Australia was amazing. I was there to do an exhibition of the Autograf book at Someday Gallery in Melbourne. Someday is owned by Perks and Mini, or PAM, a super talented creative duo. Check them out, they make amazing clothing, books, fine art, and toys. The people there were very cool because they had an enthusiasm that made me feel welcome. Melbourne feels like a very young town, lots of universities and creative people. I also got to do a little road trip around New Zealand with my girlfriend Diana. It’s funny, many of the tourist maps are based on Lord of the Rings—watch out for the Orcs or whatever.

Q: Your photography is very people-based. What attracts you to a particular subject ?

When I originally started shooting I didn’t often use people as subjects, I was more into depressing landscapes and situations. As I’ve gone on shooting for the last few years I notice myself shooting people all the time. I’ve realized that one thing I really like about photography is access to a subject; it’s the personal, documentary, and voyeuristic stuff that I get really into. I tend to do projects about youth culture stuff; I think the individuals within a group are the most fascinating part of the group. There are always people that shine and become influential. I guess I find them the most interesting and inspiring to photograph. I like the challenge of photographing people in a way that compliments them or what they do.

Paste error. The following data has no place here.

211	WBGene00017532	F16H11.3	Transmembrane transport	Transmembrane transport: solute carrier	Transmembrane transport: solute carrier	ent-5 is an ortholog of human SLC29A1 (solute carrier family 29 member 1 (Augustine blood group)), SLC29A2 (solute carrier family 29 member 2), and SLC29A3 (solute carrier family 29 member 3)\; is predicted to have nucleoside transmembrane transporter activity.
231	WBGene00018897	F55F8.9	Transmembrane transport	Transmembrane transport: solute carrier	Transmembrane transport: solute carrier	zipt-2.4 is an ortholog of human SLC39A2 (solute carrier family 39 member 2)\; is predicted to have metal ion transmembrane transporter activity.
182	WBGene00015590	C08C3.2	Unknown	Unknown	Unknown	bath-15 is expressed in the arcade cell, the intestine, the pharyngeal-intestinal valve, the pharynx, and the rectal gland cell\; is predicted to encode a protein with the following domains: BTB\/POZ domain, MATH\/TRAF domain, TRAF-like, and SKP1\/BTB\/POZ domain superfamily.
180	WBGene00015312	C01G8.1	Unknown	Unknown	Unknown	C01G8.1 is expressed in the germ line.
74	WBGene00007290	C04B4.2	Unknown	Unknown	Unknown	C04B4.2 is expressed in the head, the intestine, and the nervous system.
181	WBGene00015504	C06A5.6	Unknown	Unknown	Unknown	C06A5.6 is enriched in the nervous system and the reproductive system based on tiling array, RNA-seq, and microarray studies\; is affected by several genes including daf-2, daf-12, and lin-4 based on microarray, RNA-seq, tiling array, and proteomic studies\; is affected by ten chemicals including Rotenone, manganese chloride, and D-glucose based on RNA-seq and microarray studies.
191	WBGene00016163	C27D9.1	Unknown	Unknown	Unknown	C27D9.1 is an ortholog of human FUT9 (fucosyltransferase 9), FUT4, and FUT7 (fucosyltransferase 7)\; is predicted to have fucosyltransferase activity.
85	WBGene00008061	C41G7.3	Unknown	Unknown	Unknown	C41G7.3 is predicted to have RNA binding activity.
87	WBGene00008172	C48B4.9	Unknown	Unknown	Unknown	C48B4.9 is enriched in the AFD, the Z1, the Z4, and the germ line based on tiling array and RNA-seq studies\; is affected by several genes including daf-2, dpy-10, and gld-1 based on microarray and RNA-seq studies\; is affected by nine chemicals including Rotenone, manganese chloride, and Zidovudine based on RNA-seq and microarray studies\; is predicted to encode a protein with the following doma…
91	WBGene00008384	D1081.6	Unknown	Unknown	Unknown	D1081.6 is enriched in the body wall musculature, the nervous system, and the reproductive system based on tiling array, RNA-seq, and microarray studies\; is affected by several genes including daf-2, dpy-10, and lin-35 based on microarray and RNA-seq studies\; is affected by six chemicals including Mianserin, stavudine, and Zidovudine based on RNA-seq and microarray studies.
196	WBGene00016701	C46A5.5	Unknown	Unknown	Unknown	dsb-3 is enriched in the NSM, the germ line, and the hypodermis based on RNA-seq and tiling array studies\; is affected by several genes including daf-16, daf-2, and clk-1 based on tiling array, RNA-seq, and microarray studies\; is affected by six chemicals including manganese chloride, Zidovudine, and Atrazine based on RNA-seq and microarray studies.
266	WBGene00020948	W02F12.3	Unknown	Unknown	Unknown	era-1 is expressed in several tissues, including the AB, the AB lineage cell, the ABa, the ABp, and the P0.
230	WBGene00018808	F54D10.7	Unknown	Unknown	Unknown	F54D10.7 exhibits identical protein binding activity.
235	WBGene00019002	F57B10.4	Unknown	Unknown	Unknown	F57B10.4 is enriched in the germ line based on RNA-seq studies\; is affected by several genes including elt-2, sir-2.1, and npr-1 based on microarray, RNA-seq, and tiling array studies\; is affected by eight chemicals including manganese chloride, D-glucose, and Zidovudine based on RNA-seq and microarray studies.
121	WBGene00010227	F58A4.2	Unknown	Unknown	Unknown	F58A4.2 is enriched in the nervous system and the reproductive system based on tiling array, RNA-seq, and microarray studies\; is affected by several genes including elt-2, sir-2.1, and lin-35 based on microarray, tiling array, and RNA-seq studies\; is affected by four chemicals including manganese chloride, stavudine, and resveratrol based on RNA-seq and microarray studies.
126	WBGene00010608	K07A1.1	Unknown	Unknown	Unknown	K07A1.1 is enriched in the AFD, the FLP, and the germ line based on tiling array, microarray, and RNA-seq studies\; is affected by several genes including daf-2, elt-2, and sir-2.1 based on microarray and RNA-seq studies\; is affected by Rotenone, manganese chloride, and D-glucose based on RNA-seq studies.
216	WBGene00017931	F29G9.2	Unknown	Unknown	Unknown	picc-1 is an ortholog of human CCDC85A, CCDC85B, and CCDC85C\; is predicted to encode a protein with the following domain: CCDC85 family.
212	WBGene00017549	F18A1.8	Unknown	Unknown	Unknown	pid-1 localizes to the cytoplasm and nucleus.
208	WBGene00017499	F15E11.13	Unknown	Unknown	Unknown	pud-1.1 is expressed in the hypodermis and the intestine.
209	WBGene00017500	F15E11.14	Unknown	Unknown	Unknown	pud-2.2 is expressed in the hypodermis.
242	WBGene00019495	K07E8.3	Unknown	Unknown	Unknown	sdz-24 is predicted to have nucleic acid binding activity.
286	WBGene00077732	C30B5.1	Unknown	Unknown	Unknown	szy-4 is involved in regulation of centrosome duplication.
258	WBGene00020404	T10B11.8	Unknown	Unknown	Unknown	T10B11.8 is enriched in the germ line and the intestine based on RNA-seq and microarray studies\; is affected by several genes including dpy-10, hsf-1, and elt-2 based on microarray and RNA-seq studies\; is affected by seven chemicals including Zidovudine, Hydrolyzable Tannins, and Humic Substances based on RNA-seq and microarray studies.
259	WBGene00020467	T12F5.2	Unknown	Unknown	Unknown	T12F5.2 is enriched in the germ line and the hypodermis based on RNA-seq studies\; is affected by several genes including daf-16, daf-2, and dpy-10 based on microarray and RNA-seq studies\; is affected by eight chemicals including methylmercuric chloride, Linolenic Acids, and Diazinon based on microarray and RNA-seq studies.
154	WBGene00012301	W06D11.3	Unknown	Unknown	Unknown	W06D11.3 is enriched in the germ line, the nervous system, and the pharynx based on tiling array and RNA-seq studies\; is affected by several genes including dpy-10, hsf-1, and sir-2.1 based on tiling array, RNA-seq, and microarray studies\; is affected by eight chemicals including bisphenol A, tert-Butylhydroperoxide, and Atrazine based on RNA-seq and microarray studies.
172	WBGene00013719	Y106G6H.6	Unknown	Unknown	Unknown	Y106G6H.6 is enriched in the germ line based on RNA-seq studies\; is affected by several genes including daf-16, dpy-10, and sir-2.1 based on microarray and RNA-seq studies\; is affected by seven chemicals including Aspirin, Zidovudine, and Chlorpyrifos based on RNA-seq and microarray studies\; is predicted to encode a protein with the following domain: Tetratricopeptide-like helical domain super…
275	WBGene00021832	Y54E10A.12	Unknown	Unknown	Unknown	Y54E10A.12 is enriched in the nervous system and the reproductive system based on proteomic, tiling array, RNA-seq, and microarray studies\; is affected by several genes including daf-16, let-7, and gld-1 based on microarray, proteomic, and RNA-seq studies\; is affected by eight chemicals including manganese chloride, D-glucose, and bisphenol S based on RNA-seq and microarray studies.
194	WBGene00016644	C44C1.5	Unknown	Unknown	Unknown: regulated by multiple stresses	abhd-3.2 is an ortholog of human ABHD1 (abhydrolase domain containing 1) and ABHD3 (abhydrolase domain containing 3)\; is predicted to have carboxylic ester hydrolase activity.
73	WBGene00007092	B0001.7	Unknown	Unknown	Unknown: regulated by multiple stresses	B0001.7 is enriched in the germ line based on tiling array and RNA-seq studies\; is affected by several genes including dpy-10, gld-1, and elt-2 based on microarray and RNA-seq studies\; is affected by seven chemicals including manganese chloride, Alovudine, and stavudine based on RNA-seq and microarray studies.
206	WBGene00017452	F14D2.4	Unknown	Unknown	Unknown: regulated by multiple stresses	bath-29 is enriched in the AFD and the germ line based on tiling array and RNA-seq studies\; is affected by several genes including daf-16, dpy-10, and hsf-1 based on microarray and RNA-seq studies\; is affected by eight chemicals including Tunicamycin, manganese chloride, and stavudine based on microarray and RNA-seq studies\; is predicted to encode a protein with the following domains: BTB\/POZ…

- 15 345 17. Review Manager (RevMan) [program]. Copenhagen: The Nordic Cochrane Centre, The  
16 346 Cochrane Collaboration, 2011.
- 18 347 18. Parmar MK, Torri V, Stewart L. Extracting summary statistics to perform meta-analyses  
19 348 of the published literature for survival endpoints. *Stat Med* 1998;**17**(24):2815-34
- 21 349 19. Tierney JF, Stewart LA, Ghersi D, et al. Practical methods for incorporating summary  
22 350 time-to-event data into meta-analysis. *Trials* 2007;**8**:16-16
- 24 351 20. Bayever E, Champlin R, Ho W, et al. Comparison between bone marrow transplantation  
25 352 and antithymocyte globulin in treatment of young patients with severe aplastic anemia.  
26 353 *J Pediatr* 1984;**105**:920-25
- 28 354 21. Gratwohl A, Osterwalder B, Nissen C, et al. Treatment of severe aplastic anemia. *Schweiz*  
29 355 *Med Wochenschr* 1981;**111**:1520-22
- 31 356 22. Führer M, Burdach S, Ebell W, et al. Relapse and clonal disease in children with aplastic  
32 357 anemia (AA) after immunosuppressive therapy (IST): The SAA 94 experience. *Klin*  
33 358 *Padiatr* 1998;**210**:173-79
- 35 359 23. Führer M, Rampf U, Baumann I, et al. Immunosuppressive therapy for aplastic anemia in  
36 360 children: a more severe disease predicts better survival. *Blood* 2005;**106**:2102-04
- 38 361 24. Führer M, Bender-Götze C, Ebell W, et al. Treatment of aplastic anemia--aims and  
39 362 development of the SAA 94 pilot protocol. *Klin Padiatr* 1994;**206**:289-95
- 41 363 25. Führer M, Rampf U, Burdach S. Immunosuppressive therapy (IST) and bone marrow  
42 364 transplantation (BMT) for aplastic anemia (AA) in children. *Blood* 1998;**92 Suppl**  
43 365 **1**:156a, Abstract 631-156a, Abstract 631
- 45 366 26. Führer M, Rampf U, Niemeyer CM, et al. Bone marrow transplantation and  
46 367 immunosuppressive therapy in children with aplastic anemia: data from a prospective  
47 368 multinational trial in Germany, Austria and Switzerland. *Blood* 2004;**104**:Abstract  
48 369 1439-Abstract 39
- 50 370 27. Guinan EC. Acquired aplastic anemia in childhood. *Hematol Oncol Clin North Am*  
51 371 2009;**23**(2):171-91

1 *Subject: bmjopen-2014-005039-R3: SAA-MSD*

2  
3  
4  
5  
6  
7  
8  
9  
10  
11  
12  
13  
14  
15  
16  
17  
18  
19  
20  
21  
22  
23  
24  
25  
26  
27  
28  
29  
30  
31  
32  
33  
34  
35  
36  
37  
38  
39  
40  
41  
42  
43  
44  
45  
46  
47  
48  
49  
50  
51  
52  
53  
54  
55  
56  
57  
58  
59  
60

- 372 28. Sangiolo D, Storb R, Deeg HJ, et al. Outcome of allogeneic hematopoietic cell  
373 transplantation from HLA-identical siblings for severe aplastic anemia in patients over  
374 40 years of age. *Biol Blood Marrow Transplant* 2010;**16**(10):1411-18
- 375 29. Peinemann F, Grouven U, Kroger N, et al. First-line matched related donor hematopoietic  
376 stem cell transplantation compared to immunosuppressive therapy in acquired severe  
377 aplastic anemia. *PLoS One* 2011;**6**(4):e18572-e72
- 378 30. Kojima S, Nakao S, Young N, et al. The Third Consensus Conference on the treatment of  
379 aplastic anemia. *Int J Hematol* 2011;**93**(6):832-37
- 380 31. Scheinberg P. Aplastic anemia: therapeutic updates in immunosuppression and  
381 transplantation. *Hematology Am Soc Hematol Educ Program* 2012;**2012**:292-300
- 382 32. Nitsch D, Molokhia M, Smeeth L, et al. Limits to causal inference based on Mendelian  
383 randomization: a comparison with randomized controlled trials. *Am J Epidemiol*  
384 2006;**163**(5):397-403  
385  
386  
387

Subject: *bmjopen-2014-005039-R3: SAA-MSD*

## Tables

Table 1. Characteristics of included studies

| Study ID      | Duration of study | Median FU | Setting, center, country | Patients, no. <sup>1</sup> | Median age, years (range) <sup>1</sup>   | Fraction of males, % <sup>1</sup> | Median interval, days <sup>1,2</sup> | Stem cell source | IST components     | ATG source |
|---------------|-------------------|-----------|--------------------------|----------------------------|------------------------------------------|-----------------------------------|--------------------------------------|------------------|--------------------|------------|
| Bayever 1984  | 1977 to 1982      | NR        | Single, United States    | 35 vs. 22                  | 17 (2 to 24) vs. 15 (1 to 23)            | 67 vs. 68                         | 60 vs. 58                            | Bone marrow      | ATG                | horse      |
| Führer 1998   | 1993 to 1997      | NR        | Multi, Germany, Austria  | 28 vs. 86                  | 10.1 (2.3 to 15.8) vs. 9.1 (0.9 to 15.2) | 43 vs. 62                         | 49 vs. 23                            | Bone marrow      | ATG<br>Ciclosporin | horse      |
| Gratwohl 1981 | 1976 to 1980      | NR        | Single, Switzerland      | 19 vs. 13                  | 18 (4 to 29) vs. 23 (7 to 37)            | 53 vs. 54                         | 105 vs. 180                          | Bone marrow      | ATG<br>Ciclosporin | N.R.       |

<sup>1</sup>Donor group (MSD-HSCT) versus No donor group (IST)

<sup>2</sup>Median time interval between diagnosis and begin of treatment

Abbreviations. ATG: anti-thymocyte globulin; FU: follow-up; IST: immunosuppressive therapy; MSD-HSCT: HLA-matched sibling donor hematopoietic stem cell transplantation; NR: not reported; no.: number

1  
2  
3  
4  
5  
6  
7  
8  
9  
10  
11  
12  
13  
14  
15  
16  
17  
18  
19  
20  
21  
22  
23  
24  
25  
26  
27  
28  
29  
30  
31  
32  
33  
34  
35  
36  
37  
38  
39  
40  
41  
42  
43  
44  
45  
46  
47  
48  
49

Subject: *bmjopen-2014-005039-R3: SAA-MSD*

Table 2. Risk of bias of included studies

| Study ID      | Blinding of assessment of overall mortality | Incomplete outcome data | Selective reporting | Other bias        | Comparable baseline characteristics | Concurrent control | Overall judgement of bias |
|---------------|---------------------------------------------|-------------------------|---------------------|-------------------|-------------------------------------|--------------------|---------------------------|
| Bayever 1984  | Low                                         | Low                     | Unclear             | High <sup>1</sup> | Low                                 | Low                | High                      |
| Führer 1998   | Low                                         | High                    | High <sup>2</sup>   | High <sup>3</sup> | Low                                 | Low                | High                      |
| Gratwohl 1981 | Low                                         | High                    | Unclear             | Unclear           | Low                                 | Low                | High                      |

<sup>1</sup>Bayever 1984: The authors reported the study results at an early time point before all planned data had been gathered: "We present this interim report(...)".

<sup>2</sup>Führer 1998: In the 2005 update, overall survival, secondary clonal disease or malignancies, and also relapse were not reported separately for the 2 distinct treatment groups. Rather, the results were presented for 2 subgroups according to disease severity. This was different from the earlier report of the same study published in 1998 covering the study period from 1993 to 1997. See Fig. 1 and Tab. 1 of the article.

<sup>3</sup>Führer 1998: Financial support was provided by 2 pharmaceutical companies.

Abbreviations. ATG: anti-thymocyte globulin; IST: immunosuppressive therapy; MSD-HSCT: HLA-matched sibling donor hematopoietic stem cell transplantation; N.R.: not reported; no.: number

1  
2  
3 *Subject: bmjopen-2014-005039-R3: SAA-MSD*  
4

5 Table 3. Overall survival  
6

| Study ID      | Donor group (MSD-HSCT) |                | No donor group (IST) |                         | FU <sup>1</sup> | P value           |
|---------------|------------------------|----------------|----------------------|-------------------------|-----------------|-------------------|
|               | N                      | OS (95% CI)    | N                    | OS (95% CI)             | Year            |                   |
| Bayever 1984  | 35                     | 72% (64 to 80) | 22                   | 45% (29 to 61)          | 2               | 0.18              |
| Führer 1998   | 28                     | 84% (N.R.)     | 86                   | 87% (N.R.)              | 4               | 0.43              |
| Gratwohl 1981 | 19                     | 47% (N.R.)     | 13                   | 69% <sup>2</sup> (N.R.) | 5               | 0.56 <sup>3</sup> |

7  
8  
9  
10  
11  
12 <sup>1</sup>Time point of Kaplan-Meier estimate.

Autograf  Peter Sutherland

Q: Last year, you released the book Autograf—a collection of portraits of New York City graffiti artists. Can you tell us about the book and the experiences you had while putting it together?

I had many unforgettable experiences. I met over 50 active graffiti artists. I went out one night with a [graffiti] crew to photograph them painting and we were arrested as a group and [spent the night] in holding cells in Brooklyn. I ended up getting three days of community service after being found guilty of criminal mischief. Being locked up for 18 hours opened my eyes to how much freedom I have and how lucky we all are. It also gave me insight into what graf artists deal with. Now I appreciate graf that much more and I know how risky it really is.

Q: Are you planning a follow-up to Autograf?

I have several projects planned or in-progress—some I'll finish, some will get shelved. The next thing to come out will be a book/DVD package called Road Work. It is a documentary project about bicycle messengers. The photos were taken at the 2005 World Cycle Courier Championships here in NYC and the DVD is a film I made called Pedal. Pedal is a documentary I made about NYC bike messengers; it came out in 2002, played at some nice festivals, and aired on the Sundance Channel from 2002-2004. This will be the first time it will be released on DVD, so I’m excited.

Autograf  Peter Sutherland
Q: What has caused you to gravitate toward documenting subject matter like graffiti and outsider art?